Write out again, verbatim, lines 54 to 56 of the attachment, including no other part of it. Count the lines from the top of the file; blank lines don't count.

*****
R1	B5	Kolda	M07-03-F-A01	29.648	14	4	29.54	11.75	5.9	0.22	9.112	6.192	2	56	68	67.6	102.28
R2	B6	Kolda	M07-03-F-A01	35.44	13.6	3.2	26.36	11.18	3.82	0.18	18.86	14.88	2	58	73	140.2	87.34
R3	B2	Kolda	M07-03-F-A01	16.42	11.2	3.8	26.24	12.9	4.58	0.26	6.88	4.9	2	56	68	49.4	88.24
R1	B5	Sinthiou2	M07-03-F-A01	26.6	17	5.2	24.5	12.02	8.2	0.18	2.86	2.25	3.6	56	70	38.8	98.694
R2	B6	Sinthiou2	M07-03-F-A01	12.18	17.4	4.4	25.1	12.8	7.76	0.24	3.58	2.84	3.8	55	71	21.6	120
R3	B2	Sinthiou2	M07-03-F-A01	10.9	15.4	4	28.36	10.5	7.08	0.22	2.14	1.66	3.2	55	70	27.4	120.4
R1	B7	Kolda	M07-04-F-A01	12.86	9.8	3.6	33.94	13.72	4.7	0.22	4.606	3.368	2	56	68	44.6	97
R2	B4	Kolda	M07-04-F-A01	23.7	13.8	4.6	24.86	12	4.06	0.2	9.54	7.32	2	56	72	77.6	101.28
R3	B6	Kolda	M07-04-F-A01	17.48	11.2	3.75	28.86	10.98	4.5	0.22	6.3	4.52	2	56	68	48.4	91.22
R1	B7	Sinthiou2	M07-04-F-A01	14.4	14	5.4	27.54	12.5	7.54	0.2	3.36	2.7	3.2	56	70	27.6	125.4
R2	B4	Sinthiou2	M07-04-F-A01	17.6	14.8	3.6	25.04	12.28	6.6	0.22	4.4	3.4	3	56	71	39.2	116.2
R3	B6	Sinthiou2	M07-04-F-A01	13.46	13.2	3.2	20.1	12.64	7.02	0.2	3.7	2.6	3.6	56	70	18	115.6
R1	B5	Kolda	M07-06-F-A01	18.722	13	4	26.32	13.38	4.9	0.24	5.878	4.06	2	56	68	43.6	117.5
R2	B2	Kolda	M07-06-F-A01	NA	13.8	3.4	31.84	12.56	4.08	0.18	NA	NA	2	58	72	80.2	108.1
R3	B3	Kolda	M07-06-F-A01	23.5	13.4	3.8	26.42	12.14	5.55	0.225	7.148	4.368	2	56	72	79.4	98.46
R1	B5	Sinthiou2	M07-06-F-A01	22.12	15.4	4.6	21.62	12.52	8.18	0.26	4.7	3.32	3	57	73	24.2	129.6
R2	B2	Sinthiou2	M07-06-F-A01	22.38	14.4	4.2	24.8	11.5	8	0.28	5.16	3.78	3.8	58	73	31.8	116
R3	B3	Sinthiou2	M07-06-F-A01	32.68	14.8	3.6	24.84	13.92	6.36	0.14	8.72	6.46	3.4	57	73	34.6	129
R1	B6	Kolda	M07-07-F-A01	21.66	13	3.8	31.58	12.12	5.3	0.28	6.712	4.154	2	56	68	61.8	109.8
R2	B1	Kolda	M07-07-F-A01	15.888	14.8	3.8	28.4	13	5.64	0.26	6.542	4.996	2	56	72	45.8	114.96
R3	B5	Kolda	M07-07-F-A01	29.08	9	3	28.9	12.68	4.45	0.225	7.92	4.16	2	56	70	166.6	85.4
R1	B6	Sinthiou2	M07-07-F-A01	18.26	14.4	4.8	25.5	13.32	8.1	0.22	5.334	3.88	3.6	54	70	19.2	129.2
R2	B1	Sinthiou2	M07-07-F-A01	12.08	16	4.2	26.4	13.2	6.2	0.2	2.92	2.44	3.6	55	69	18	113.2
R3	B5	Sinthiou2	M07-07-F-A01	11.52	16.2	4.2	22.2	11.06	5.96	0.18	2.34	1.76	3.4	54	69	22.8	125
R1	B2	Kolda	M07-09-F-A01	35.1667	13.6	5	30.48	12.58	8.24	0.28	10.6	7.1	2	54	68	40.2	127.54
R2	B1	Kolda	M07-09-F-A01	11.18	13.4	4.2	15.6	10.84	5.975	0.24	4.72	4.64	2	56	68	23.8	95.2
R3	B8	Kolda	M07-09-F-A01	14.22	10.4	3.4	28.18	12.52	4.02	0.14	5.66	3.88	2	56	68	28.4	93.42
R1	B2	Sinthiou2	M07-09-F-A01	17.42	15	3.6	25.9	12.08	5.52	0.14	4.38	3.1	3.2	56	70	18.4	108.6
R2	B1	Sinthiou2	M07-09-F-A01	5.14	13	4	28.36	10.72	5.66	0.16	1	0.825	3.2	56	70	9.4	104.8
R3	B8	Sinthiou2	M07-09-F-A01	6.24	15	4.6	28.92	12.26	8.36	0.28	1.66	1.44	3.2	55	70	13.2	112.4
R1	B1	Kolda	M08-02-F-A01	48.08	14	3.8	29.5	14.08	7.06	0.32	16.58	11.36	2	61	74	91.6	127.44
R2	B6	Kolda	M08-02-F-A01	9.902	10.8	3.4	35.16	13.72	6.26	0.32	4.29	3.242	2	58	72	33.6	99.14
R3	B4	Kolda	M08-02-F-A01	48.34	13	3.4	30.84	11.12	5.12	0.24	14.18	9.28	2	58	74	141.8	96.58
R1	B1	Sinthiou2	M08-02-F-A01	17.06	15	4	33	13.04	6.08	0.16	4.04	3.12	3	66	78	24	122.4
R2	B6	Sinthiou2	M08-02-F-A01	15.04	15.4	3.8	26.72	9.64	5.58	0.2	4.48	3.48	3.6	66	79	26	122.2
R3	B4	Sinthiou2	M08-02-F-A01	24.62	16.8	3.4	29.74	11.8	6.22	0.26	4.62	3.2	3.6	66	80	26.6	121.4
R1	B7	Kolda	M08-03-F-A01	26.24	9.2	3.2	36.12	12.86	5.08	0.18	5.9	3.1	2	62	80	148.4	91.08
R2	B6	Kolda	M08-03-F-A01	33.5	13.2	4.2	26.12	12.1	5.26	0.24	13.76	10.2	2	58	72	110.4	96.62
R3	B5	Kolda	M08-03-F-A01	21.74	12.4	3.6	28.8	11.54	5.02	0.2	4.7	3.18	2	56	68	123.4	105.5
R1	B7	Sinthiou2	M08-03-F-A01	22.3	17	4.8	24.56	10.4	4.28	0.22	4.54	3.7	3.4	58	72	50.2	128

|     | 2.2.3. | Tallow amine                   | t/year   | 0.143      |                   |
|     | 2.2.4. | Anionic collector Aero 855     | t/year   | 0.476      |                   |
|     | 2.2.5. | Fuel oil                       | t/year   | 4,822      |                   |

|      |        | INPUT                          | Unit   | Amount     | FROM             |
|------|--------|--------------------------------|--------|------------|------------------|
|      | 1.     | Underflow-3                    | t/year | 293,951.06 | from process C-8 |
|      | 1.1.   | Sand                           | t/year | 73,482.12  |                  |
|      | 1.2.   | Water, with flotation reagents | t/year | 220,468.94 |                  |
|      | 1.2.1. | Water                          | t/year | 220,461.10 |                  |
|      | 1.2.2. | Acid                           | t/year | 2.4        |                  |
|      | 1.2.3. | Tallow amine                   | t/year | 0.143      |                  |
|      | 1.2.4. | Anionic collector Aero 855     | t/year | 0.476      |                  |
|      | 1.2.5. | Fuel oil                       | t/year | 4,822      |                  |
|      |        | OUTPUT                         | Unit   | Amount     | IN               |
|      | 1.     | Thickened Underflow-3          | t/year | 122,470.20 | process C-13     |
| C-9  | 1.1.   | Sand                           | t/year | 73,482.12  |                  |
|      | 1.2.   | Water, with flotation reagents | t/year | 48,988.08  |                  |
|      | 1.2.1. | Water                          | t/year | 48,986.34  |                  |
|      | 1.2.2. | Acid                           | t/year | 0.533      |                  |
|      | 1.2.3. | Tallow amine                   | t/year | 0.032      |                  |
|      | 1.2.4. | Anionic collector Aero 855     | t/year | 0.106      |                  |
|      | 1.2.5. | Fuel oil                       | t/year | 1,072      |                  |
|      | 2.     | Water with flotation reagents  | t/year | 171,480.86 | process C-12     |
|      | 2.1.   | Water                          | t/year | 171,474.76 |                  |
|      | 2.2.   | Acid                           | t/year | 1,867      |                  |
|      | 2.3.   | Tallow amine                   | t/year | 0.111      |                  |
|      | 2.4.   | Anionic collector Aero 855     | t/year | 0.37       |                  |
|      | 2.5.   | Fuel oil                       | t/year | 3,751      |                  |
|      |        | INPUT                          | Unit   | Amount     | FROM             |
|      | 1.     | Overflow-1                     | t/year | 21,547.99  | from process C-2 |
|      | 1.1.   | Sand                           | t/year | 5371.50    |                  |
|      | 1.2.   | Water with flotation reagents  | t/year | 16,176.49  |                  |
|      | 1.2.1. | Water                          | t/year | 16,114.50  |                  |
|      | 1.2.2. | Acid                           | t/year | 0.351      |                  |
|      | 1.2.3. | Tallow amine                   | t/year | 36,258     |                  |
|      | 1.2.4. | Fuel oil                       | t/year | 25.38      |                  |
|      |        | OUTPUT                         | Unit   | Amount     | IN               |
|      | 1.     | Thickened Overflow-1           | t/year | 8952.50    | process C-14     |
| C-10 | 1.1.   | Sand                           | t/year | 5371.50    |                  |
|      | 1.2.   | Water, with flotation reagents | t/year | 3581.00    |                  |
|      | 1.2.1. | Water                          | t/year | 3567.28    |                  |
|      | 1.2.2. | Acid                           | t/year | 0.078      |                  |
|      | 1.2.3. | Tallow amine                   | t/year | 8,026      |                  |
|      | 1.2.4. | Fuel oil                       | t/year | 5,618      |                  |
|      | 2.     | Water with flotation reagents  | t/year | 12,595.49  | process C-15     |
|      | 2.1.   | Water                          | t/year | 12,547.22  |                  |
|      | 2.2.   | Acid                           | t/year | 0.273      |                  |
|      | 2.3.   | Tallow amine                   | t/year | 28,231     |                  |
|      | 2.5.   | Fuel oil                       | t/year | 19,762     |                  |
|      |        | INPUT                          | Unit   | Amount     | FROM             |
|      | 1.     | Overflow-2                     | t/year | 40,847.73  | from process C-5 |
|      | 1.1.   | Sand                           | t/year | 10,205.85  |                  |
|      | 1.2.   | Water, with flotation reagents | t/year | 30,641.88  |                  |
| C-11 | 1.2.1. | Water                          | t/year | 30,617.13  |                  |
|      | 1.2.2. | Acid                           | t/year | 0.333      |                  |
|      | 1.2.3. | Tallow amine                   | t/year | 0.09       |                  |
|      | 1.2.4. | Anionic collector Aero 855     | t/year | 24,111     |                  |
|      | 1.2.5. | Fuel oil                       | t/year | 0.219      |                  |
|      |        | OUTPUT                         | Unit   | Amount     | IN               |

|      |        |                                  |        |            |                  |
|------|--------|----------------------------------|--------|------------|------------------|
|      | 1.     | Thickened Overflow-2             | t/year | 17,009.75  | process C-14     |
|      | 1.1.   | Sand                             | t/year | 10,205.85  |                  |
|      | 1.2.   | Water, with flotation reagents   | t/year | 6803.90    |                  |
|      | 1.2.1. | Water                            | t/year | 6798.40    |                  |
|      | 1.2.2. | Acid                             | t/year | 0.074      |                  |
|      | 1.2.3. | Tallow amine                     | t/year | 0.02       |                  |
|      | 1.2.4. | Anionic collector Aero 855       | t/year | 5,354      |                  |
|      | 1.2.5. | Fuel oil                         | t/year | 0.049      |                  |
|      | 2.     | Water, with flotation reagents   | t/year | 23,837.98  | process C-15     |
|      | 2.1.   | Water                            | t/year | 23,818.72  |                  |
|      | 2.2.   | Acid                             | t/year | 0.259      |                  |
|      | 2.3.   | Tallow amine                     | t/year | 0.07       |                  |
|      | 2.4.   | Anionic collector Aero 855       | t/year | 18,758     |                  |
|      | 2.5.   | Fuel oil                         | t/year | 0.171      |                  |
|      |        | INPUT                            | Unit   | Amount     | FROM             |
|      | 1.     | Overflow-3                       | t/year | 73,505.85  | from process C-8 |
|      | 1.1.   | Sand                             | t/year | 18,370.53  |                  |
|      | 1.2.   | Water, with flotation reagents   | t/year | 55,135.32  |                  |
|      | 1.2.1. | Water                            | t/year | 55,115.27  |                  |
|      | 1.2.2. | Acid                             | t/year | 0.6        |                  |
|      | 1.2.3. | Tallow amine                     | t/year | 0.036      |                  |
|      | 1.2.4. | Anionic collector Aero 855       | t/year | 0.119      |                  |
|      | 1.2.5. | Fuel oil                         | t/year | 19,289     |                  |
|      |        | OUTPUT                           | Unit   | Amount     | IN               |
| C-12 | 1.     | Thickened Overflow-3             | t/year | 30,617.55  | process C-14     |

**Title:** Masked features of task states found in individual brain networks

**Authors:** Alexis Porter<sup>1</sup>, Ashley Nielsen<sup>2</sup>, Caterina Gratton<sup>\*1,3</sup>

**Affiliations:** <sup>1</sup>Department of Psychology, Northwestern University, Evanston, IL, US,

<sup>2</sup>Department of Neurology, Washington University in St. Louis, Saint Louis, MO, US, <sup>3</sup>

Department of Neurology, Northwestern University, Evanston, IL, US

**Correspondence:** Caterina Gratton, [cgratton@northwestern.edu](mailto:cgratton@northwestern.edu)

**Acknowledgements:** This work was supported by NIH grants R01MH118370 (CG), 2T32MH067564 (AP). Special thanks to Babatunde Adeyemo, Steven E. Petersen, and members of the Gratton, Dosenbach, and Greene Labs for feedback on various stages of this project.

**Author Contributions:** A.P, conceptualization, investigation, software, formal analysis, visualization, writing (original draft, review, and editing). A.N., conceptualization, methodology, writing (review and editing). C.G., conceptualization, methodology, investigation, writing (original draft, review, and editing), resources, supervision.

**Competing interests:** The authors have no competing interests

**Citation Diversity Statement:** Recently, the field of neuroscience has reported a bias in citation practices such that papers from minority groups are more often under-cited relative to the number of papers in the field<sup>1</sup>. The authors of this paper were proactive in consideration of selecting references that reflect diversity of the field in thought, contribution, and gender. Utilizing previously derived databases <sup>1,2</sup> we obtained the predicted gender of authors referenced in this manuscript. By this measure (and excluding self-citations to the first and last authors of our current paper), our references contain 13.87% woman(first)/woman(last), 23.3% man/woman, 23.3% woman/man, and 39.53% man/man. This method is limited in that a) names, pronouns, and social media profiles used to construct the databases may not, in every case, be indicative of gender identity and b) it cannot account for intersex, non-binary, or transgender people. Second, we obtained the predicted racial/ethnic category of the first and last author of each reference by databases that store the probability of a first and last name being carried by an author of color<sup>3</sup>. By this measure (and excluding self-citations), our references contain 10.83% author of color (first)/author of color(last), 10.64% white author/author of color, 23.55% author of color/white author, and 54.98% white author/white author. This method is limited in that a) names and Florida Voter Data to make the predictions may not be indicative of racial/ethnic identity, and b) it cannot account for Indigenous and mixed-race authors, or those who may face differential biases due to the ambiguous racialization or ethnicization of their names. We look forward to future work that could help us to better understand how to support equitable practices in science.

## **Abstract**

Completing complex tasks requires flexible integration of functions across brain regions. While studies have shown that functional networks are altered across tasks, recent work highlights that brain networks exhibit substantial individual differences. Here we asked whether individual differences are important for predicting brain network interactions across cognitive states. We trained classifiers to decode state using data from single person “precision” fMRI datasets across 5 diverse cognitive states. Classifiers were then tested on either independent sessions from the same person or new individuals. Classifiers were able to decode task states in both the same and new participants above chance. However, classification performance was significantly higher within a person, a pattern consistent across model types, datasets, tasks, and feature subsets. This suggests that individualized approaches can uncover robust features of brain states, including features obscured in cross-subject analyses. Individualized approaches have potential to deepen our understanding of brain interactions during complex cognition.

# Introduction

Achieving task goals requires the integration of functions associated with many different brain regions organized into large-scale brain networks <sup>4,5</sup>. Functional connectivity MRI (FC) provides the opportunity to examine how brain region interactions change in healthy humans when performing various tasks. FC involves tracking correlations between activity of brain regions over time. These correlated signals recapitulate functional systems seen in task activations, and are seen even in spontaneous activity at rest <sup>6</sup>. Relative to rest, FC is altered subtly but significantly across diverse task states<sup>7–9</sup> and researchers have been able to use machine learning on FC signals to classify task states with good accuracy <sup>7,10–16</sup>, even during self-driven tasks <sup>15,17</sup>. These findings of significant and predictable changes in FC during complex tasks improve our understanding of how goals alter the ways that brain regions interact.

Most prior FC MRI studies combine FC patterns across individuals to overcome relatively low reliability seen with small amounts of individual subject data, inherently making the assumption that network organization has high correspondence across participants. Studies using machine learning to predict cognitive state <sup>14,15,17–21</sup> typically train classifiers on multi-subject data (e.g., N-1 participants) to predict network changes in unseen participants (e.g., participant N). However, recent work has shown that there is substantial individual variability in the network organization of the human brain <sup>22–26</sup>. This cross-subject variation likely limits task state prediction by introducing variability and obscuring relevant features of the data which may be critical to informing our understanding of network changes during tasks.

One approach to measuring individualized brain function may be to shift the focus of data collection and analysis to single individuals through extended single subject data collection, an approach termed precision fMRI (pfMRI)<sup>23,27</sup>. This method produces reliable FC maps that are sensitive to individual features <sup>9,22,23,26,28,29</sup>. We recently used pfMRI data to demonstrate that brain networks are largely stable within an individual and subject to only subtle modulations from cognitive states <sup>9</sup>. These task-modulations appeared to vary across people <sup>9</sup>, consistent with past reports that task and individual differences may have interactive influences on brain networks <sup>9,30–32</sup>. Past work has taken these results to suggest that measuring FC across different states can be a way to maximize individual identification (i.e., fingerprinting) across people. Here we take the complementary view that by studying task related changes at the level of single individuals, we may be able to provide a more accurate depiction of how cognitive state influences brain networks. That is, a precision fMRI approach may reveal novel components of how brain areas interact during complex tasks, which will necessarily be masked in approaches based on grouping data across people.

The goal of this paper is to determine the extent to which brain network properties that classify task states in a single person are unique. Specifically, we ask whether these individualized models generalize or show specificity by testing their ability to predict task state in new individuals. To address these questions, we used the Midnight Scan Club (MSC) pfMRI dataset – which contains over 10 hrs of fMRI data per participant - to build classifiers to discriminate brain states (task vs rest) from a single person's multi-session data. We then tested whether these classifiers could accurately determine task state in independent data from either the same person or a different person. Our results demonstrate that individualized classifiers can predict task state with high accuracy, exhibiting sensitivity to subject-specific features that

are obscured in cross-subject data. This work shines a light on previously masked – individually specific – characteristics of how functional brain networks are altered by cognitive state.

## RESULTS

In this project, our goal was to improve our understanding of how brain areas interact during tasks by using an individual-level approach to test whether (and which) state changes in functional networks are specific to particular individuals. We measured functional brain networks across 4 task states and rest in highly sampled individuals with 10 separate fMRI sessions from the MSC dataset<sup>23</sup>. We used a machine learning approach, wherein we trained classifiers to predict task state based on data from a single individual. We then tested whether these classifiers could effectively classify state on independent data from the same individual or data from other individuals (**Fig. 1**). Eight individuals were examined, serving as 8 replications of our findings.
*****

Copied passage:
|      |        | OUTPUT                         | Unit   | Amount     | IN               |
|      | 1.     | Thickened Underflow-3          | t/year | 122,470.20 | process C-13     |
| C-9  | 1.1.   | Sand                           | t/year | 73,482.12  |                  |